Game theory

Widely known in various fields of science, game theory is a mathematical theory that deals with the general characteristics of competitive situations, placing particular emphasis on group decision-making processes (Luce & Raiffa 1957). The main advantages of the application of game theory are that it enables theoretical understanding of the interaction between players, and helps strategic thinking, exploring the possibilities of interaction between agents, especially in the case that the decision cannot be made in a cooperative environment. Thus, the application of the games approach allows expanding the players' view of the problem and finding new possibilities for resolution of the same, which would hardly be realized without the aid of this theory (Osborne & Rubinstein 1994).

According to Fiani (2006), to be classified as a game, the strategic interaction situation must have four characteristics: (i) allow interactions; (ii) involve more than one agent; (iii) promote rationality; and (iv) prioritize strategic behavior. In this way, any game is also a model, which should contain elements on the situation of strategic interaction between the players, especially whether or not they know the decisions of other agents. In this context, the player may be considered as any individual or organization involved in the process of strategic interaction, which has authority to make decisions.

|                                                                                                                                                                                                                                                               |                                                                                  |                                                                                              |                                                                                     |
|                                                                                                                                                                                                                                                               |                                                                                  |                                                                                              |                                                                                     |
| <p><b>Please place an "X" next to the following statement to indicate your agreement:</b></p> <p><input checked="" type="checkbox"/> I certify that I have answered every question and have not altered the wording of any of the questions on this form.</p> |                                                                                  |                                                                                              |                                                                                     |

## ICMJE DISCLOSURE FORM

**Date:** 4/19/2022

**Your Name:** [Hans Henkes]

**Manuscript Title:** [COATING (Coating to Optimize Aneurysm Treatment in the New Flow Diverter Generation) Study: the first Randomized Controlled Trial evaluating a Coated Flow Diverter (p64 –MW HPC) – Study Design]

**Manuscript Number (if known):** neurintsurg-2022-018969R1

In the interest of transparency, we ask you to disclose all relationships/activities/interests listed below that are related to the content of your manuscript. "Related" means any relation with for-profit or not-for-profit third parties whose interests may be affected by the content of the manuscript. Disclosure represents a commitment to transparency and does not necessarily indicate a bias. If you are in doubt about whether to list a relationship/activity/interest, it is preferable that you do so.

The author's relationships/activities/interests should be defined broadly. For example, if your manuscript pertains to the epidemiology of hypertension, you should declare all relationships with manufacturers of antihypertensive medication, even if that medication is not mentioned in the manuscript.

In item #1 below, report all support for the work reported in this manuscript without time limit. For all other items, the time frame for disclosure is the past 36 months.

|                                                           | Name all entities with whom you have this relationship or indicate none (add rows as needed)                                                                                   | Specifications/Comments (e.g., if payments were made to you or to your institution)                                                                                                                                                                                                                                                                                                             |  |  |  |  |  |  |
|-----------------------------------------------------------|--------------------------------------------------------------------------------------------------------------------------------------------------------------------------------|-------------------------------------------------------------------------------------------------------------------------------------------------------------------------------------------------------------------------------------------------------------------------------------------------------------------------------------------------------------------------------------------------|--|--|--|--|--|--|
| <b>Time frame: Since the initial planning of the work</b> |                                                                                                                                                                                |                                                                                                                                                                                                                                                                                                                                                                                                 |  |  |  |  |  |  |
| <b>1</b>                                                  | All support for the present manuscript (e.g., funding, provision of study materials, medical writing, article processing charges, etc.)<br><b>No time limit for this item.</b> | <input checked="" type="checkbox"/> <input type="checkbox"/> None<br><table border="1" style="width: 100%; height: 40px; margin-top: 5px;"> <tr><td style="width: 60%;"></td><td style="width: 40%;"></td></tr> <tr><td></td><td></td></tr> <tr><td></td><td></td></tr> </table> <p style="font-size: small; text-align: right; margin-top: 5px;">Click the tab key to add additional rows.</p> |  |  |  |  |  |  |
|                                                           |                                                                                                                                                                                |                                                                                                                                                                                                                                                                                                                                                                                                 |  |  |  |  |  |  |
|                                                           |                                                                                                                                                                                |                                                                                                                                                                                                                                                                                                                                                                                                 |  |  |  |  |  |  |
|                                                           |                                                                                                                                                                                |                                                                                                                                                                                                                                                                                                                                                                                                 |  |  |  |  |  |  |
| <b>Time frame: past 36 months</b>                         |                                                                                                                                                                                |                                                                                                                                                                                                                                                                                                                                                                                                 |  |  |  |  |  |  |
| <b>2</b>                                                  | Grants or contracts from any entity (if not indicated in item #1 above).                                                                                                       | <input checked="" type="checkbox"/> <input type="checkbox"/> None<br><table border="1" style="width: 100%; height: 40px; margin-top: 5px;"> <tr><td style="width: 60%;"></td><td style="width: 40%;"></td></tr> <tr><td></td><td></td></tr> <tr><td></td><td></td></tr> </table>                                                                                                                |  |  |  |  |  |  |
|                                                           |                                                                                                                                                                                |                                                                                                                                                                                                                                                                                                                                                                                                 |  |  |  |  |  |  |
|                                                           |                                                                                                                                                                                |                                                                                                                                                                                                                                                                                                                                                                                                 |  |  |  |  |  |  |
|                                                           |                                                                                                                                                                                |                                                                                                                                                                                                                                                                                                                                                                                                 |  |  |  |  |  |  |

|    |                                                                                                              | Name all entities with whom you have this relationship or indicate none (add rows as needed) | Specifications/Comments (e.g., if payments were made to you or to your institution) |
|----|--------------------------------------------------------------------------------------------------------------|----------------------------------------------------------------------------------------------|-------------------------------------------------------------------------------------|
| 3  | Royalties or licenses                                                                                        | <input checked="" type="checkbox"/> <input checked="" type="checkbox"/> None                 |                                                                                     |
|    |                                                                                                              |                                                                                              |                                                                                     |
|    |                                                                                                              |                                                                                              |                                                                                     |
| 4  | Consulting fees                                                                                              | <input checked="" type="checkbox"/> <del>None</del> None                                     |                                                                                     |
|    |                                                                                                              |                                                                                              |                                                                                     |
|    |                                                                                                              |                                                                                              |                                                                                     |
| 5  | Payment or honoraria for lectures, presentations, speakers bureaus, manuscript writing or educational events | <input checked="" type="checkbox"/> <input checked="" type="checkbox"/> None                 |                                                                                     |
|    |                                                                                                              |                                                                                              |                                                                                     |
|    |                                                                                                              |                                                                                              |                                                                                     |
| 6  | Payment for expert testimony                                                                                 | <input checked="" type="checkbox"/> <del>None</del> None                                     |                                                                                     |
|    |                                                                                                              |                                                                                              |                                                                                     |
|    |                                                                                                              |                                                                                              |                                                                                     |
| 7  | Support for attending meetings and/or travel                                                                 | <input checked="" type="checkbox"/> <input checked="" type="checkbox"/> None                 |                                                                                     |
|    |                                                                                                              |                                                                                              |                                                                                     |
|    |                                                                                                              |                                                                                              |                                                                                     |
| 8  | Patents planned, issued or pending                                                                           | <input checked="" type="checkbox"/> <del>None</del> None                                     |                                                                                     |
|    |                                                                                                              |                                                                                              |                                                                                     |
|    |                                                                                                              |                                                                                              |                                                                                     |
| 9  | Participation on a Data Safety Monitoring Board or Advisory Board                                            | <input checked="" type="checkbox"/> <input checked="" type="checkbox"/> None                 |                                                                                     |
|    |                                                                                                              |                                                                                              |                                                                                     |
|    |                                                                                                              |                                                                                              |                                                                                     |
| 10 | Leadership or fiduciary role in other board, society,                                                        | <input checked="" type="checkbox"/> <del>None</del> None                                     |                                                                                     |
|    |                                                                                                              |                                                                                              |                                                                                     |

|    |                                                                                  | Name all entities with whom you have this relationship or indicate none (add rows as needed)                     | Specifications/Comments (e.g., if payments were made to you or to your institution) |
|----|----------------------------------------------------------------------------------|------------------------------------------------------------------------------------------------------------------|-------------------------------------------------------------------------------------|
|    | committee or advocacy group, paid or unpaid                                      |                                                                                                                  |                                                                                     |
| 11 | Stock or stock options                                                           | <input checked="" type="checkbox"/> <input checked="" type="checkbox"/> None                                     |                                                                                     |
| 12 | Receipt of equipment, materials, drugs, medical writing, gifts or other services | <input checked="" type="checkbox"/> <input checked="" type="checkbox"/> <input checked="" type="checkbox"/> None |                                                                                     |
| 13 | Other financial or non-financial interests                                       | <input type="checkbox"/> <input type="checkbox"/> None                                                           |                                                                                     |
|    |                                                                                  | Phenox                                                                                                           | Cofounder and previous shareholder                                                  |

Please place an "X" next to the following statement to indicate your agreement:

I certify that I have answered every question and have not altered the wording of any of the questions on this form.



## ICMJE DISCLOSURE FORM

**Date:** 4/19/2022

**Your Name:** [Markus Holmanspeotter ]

Briefly, a game must have a finite number of players trying to achieve the best possible outcome, given their preferences. For this, players interact with an action, move, or choice at a given moment of the game, which means that each player will have their set of actions. All of these actions for a player i can be represented by the set: Ai = {aj}. It must also be verified whether the players have made a decision at the same time or successively, in which case it should be verified whether they know the previous decisions. If the players decide at the same time, the game is known as a simultaneous game. Simultaneous games are those in which each player ignores the decisions of others when they make their own decision (Fiani 2006). The strategic form in a table format provides all possible combinations of players' actions and their results for a simultaneous game.